But it was not enough to renew the oxygen consumed; the carbonic acid gas produced by expiration must also be absorbed. Now for the last twelve hours the atmosphere of the bullet had become loaded with this deleterious gas, the product of the combustion of the elements of blood by the oxygen taken into the lungs. Nicholl perceived this state of the air by seeing Diana palpitate painfully. In fact, carbonic acid gas--through a phenomenon identical with the one to be noticed in the famous Dog's Grotto--accumulated at the bottom of the projectile by reason of its weight. Poor Diana, whose head was low down, therefore necessarily suffered from it before her masters. But Captain Nicholl made haste to remedy this state of things. He placed on the floor of the projectile several receptacles containing caustic potash which he shook about for some time, and this matter, which is very greedy of carbonic acid, completely absorbed it, and thus purified the interior air.

An inventory of the instruments was then begun. The thermometers and barometers were undamaged, with the exception of a minimum thermometer the glass of which was broken. An excellent aneroid was taken out of its padded box and hung upon the wall. Of course it was only acted upon by and indicated the pressure of the air inside the projectile; but it also indicated the quantity of moisture it contained. At that moment its needle oscillated between 25.24 and 25.08. It was at "set fair."

Barbicane had brought several compasses, which were found intact. It will be easily understood that under those circumstances their needles were acting at random, without any constant direction. In fact, at the distance the projectile was from the earth the magnetic pole could not exercise any sensible action upon the apparatus. But these compasses, taken upon the lunar disc, might show particular phenomena. In any case it would be interesting to verify whether the earth's satellite, like the earth herself, submitted to magnetical influence.

A hypsometer to measure the altitude of the lunar mountains, a sextant to take the height of the sun, a theodolite, an instrument for surveying, telescopes to be used as the moon approached--all these instruments were carefully inspected and found in good condition, notwithstanding the violence of the initial shock.

As to the utensils--pickaxes, spades, and different tools--of which Nicholl had made a special collection, the sacks of various kinds of grain, and the shrubs which Michel Ardan counted upon transplanting into Selenite soil, they were in their places in the upper corners of the projectile. There was made a sort of granary, which the prodigal Frenchman had filled. What was in it was very little known, and the merry fellow did not enlighten anybody. From time to time he climbed up the cramp-irons riveted in the walls to this store-room, the inspection of which he had reserved to himself. He arranged and re-arranged, plunged his hand rapidly into certain mysterious boxes, singing all the time in a voice very out of tune some old French song to enliven the situation.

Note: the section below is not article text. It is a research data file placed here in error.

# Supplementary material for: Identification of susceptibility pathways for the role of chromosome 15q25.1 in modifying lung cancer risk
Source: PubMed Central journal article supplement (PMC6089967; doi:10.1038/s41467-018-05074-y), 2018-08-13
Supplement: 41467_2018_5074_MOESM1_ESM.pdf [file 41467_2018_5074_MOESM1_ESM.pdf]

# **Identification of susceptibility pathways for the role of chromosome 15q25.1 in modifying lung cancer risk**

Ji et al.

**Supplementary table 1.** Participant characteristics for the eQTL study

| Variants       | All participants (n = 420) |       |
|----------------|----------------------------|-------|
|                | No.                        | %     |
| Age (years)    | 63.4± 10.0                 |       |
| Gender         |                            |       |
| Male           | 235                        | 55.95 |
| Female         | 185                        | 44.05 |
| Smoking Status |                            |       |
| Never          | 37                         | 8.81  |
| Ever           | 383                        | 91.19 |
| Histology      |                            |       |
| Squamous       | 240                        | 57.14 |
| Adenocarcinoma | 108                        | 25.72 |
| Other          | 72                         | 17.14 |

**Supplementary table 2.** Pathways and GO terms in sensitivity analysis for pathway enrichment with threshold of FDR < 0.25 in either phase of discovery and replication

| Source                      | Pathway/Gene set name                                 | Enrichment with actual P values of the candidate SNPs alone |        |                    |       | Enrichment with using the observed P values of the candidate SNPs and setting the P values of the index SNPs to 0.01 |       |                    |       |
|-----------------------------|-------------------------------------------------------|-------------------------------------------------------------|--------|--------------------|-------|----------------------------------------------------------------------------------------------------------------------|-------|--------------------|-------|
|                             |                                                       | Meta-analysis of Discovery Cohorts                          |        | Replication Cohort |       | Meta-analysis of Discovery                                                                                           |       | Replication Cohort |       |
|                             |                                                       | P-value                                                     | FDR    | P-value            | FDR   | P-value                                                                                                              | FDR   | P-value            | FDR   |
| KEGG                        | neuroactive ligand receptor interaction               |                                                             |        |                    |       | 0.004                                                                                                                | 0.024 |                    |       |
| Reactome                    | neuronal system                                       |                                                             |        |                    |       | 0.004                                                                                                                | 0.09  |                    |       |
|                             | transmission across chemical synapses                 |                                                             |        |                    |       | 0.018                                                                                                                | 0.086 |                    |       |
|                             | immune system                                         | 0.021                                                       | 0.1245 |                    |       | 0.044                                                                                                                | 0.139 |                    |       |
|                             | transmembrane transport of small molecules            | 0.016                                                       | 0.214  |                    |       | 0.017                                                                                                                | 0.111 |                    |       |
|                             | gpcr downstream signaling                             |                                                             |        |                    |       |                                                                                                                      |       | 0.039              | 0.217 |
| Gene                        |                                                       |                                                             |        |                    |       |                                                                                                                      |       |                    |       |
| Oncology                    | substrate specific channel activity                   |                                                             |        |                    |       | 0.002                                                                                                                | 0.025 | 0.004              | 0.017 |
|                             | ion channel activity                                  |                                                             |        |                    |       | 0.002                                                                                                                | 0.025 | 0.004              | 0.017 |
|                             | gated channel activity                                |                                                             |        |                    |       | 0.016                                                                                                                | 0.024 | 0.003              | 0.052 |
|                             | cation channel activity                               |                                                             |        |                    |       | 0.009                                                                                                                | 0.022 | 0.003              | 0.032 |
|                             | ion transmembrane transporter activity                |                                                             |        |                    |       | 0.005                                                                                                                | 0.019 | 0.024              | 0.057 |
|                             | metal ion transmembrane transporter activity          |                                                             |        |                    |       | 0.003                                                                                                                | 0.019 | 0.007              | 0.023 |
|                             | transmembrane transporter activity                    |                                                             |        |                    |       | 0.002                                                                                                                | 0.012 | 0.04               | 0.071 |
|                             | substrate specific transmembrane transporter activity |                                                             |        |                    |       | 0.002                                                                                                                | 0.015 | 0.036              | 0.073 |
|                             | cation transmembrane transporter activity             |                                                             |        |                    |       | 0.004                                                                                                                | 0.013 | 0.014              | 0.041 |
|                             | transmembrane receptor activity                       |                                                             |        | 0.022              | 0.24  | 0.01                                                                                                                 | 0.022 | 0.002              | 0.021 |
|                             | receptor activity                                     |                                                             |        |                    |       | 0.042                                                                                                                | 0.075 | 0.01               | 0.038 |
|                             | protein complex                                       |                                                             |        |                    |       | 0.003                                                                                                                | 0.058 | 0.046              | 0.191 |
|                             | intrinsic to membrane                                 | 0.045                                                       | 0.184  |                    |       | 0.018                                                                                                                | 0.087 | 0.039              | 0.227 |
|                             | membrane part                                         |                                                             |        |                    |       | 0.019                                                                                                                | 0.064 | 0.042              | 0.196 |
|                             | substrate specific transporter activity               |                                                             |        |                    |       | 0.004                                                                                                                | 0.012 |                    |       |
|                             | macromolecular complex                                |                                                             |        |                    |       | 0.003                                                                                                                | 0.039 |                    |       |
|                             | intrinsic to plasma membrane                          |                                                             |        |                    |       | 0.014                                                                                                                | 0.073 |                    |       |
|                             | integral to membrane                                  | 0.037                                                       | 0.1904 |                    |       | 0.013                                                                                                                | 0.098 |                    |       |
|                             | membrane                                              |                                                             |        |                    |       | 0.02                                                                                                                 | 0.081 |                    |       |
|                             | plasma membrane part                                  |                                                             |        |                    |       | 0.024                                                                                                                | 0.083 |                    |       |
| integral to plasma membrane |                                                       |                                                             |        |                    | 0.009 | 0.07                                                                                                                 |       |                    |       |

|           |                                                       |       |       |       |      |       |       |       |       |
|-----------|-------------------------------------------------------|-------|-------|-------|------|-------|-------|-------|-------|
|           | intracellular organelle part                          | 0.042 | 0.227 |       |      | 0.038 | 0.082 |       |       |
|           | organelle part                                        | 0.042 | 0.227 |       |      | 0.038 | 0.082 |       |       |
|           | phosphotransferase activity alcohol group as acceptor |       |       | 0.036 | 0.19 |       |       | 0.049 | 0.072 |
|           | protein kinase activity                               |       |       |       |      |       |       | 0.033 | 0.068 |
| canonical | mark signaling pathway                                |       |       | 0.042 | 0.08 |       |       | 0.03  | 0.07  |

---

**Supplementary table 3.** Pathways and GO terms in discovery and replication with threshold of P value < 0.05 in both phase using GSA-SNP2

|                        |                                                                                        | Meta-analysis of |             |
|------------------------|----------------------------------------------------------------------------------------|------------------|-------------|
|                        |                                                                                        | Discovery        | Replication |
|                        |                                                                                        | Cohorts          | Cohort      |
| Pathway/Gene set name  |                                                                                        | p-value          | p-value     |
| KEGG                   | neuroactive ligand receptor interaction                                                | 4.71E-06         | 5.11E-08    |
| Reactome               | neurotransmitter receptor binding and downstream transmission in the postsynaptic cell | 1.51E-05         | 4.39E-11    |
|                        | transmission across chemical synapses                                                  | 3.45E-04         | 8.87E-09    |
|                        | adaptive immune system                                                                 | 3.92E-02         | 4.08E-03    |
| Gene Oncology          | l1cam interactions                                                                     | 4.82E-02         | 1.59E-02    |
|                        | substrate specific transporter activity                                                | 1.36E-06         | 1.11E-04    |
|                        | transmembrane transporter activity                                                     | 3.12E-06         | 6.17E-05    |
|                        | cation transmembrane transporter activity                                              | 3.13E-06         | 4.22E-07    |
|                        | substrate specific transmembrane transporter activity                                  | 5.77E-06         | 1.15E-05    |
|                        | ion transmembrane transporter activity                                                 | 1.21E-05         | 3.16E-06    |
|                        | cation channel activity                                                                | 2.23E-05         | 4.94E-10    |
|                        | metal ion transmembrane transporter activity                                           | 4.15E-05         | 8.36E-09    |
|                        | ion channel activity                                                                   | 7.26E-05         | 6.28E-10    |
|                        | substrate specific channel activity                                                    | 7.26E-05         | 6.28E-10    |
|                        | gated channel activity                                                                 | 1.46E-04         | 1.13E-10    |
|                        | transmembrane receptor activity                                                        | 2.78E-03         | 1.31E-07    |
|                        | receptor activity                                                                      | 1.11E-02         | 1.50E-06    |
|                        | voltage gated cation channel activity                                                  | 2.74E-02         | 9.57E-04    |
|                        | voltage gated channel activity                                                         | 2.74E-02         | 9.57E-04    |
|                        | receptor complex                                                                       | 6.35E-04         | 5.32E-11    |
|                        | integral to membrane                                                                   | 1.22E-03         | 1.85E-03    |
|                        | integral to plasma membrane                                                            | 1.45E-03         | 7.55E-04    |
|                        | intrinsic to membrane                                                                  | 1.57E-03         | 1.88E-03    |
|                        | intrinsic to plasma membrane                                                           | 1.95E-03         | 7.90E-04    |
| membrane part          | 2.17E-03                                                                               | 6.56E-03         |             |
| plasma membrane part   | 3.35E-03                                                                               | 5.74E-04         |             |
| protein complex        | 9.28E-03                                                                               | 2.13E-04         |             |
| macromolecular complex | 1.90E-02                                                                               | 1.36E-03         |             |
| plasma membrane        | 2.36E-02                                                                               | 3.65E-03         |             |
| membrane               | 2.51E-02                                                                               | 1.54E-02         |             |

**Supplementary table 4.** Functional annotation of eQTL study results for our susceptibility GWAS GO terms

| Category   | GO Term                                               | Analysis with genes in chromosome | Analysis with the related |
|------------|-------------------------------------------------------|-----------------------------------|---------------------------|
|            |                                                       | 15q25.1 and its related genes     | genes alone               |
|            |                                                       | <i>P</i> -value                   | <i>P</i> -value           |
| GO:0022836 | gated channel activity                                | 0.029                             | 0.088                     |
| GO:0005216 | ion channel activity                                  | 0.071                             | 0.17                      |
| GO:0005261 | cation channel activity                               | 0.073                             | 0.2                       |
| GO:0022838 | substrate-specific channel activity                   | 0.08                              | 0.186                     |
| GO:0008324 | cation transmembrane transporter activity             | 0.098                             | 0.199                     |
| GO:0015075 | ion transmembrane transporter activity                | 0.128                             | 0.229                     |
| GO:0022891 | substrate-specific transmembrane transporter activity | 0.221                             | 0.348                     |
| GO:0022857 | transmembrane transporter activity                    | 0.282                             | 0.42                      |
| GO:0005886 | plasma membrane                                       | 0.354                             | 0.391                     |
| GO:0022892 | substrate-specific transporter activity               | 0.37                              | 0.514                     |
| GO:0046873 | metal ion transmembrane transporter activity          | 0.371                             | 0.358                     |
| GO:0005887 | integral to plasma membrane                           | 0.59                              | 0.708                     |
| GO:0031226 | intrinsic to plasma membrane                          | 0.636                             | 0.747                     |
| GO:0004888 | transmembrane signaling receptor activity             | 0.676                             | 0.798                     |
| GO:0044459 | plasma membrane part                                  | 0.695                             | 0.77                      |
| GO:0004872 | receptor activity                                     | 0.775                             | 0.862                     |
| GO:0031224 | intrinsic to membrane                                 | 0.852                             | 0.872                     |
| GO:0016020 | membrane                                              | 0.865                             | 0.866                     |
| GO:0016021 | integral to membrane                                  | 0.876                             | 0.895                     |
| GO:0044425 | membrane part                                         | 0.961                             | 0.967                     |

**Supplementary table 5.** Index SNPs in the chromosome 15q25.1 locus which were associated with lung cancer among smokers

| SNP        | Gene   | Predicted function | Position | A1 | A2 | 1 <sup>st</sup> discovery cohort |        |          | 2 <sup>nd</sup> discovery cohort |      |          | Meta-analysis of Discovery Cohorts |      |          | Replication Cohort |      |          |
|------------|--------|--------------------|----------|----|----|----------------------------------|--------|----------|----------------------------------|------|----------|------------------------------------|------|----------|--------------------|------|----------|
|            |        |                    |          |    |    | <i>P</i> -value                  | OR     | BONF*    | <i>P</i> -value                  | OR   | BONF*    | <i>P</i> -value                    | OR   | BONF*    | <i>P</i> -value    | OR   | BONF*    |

Barbicane noticed with interest that his rockets and other fireworks were not damaged. These were important, for, powerfully loaded, they were meant to slacken the speed with which the projectile would, when attracted by the moon after passing the point of neutral attraction, fall upon her surface. This fall besides would be six times less rapid than it would have been upon the surface of the earth, thanks to the difference of volume in the two bodies.

The inspection ended, therefore, in general satisfaction. Then they all returned to their posts of observation at the lateral and lower port-lights.

The same spectacle was spread before them. All the extent of the celestial sphere swarmed with stars and constellations of marvellous brilliancy, enough to make an astronomer wild! On one side the sun, like the mouth of a fiery furnace, shone upon the dark background of the heavens. On the other side the moon, reflecting back his fires, seemed motionless amidst the starry world. Then a large spot, like a hole in the firmament, bordered still by a slight thread of silver--it was the earth. Here and there nebulous masses like large snow-flakes, and from zenith to nadir an immense ring, formed of an impalpable dust of stars--that milky way amidst which the sun only counts as a star of the fourth magnitude!

The spectators could not take their eyes off a spectacle so new, of which no description could give any idea. What reflections it suggested! What unknown emotions it aroused in the soul! Barbicane wished to begin the recital of his journey under the empire of these impressions, and he noted down hourly all the events that signalised the beginning of his enterprise. He wrote tranquilly in his large and rather commercial-looking handwriting.

During that time the calculating Nicholl looked over the formulae of trajectories, and worked away at figures with unparalleled dexterity. Michel Ardan talked sometimes to Barbicane, who did not answer much, to Nicholl, who did not hear, and to Diana, who did not understand his theories, and lastly to himself, making questions and answers, going and coming, occupying himself with a thousand details, sometimes leaning over the lower port-light, sometimes roosting in the heights of the projectile, singing all the time. In this microcosm he represented the French agitation and loquacity, and it was worthily represented.

The day, or rather--for the expression is not correct--the lapse of twelve hours which makes a day upon earth--was ended by a copious supper carefully prepared. No incident of a nature to shake the confidence of the travellers had happened, so, full of hope and already sure of success, they went to sleep peacefully, whilst the projectile, at a uniformly increasing speed, made its way in the heavens.